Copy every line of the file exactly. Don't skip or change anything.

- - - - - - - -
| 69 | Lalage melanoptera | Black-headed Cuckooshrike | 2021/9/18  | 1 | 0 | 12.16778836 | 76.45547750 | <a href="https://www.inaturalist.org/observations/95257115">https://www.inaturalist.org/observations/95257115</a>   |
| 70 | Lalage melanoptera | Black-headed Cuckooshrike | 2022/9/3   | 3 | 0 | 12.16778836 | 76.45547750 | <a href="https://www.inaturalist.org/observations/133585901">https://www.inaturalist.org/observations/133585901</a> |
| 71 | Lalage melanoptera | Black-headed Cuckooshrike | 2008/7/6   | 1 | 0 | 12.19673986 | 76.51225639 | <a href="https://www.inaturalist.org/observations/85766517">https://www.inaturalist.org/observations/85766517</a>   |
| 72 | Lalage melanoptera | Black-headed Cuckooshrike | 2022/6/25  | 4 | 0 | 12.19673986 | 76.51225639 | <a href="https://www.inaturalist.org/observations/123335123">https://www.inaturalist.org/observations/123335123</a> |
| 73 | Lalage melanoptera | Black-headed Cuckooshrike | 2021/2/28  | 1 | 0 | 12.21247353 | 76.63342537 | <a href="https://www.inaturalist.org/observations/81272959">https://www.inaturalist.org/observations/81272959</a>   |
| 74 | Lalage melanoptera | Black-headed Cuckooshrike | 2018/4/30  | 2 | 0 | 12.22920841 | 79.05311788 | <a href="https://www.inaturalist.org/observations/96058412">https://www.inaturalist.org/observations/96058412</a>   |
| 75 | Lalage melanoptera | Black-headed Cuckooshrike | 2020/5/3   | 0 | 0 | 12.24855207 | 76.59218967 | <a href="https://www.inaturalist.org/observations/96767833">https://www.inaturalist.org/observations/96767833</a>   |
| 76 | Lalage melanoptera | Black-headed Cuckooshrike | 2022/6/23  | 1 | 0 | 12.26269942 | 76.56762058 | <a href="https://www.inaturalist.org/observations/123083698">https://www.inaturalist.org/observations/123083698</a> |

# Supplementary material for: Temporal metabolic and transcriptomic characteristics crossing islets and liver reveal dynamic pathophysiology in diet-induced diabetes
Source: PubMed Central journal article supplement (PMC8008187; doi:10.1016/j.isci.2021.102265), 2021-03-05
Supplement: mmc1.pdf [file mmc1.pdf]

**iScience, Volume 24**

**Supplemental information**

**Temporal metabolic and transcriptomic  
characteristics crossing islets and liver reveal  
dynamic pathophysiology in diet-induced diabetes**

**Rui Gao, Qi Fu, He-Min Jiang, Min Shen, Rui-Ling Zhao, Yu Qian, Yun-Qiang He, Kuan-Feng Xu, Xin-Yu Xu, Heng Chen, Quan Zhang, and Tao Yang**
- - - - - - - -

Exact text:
| 69 | Lalage melanoptera | Black-headed Cuckooshrike | 2021/9/18  | 1 | 0 | 12.16778836 | 76.45547750 | <a href="https://www.inaturalist.org/observations/95257115">https://www.inaturalist.org/observations/95257115</a>   |
| 70 | Lalage melanoptera | Black-headed Cuckooshrike | 2022/9/3   | 3 | 0 | 12.16778836 | 76.45547750 | <a href="https://www.inaturalist.org/observations/133585901">https://www.inaturalist.org/observations/133585901</a> |
| 71 | Lalage melanoptera | Black-headed Cuckooshrike | 2008/7/6   | 1 | 0 | 12.19673986 | 76.51225639 | <a href="https://www.inaturalist.org/observations/85766517">https://www.inaturalist.org/observations/85766517</a>   |
| 72 | Lalage melanoptera | Black-headed Cuckooshrike | 2022/6/25  | 4 | 0 | 12.19673986 | 76.51225639 | <a href="https://www.inaturalist.org/observations/123335123">https://www.inaturalist.org/observations/123335123</a> |
| 73 | Lalage melanoptera | Black-headed Cuckooshrike | 2021/2/28  | 1 | 0 | 12.21247353 | 76.63342537 | <a href="https://www.inaturalist.org/observations/81272959">https://www.inaturalist.org/observations/81272959</a>   |
| 74 | Lalage melanoptera | Black-headed Cuckooshrike | 2018/4/30  | 2 | 0 | 12.22920841 | 79.05311788 | <a href="https://www.inaturalist.org/observations/96058412">https://www.inaturalist.org/observations/96058412</a>   |
| 75 | Lalage melanoptera | Black-headed Cuckooshrike | 2020/5/3   | 0 | 0 | 12.24855207 | 76.59218967 | <a href="https://www.inaturalist.org/observations/96767833">https://www.inaturalist.org/observations/96767833</a>   |
| 76 | Lalage melanoptera | Black-headed Cuckooshrike | 2022/6/23  | 1 | 0 | 12.26269942 | 76.56762058 | <a href="https://www.inaturalist.org/observations/123083698">https://www.inaturalist.org/observations/123083698</a> |

# Supplementary material for: Temporal metabolic and transcriptomic characteristics crossing islets and liver reveal dynamic pathophysiology in diet-induced diabetes
Source: PubMed Central journal article supplement (PMC8008187; doi:10.1016/j.isci.2021.102265), 2021-03-05
Supplement: mmc1.pdf [file mmc1.pdf]

**iScience, Volume 24**

**Supplemental information**

**Temporal metabolic and transcriptomic  
characteristics crossing islets and liver reveal  
dynamic pathophysiology in diet-induced diabetes**

**Rui Gao, Qi Fu, He-Min Jiang, Min Shen, Rui-Ling Zhao, Yu Qian, Yun-Qiang He, Kuan-Feng Xu, Xin-Yu Xu, Heng Chen, Quan Zhang, and Tao Yang**